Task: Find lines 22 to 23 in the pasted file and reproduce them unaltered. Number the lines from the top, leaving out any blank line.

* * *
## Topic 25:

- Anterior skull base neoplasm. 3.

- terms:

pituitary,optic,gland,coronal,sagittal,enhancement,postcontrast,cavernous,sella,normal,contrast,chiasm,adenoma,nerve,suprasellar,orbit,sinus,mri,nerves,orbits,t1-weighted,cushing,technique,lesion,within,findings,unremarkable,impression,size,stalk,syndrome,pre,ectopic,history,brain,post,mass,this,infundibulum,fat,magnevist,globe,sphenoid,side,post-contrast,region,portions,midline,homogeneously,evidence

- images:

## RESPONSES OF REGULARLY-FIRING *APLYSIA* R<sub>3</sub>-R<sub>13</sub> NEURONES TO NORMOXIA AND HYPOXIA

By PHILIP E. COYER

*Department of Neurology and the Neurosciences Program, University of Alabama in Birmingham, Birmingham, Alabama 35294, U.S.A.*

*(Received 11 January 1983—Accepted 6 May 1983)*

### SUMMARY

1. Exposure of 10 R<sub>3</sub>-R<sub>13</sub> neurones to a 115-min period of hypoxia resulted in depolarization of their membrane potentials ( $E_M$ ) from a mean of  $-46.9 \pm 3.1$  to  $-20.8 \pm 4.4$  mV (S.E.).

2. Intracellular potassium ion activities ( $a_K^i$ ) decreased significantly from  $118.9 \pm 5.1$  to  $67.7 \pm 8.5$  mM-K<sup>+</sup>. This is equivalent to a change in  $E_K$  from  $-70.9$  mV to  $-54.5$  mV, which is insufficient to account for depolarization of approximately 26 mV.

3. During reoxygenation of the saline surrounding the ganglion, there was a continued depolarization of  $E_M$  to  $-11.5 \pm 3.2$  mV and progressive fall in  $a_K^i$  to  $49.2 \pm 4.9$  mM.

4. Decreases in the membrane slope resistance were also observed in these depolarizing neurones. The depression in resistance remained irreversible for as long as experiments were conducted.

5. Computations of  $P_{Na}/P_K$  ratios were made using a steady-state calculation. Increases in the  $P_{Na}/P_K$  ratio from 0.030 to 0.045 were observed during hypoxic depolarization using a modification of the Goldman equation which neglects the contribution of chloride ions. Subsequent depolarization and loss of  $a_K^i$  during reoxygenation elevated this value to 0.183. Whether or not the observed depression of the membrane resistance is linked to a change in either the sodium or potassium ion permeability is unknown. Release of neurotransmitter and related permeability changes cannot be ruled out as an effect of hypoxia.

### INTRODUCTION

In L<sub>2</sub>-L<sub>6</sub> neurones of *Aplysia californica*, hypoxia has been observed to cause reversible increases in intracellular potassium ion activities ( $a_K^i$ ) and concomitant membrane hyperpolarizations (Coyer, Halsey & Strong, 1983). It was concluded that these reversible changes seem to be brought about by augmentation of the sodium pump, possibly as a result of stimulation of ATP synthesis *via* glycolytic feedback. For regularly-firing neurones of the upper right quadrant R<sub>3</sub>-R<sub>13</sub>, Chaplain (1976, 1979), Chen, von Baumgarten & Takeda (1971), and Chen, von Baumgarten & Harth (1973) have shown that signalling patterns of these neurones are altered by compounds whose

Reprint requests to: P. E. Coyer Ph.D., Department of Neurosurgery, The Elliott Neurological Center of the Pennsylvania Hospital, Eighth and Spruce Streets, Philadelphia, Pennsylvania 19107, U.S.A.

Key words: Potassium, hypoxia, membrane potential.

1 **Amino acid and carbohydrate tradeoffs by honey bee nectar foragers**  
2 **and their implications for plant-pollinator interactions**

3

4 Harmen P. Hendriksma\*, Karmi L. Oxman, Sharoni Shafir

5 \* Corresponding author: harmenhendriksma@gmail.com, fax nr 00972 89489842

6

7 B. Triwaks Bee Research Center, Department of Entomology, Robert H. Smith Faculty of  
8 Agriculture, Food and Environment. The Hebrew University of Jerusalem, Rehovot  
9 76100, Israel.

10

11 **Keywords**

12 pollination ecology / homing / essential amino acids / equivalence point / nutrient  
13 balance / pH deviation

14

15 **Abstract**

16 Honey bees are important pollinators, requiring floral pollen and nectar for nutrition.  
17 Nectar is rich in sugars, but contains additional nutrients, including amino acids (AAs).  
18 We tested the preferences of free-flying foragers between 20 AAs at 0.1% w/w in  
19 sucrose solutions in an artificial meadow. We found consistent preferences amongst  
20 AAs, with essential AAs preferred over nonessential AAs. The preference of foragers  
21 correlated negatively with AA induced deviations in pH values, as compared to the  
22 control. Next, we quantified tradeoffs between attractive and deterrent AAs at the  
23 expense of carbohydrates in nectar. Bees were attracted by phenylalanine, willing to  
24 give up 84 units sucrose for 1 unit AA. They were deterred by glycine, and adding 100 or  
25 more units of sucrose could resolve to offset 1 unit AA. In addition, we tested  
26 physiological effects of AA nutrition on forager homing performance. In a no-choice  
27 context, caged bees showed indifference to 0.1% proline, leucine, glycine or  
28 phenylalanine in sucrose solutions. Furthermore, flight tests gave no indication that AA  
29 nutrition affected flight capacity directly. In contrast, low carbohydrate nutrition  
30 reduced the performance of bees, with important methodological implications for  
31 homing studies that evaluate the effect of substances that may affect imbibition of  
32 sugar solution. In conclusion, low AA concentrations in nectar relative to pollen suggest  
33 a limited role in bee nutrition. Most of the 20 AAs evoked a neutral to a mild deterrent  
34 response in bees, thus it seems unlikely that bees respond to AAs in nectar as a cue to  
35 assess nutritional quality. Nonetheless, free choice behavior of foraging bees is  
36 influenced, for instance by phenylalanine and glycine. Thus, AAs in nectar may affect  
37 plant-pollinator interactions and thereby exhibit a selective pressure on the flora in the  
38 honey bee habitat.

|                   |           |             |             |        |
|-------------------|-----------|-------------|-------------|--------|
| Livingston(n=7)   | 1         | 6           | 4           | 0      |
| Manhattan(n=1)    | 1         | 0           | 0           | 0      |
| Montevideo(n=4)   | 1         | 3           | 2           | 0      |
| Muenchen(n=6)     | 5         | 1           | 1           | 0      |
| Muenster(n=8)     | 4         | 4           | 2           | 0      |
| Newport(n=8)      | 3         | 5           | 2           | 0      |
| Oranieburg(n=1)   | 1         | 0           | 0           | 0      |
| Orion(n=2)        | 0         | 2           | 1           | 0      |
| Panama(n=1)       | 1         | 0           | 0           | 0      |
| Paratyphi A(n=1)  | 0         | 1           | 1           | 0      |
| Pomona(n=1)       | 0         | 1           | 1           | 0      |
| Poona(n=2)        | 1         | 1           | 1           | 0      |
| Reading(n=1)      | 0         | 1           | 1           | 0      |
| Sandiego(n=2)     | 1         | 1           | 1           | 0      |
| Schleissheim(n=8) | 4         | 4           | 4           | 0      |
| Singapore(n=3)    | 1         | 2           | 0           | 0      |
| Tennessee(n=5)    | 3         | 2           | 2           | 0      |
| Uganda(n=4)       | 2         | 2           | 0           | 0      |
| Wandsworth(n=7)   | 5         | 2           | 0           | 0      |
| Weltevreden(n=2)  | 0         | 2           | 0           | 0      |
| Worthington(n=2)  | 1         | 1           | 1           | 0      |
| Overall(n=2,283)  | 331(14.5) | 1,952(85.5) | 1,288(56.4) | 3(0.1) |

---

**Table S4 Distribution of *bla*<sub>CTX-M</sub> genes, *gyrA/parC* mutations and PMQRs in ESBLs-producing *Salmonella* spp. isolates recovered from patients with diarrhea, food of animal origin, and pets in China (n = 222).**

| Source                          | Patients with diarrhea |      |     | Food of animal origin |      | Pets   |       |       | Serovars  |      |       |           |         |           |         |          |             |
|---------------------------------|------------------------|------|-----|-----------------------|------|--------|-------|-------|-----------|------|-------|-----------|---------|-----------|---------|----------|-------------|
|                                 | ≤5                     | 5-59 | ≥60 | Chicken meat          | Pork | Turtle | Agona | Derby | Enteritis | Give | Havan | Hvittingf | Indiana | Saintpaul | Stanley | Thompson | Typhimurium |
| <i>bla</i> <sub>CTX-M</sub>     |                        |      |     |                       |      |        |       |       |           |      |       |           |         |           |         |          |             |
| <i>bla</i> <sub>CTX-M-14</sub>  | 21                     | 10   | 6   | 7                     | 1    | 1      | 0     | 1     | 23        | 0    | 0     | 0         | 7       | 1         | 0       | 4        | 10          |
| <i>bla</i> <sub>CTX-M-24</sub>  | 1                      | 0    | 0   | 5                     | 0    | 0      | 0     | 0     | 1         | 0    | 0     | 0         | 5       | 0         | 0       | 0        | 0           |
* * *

3

4 Harmen P. Hendriksma\*, Karmi L. Oxman, Sharoni Shafir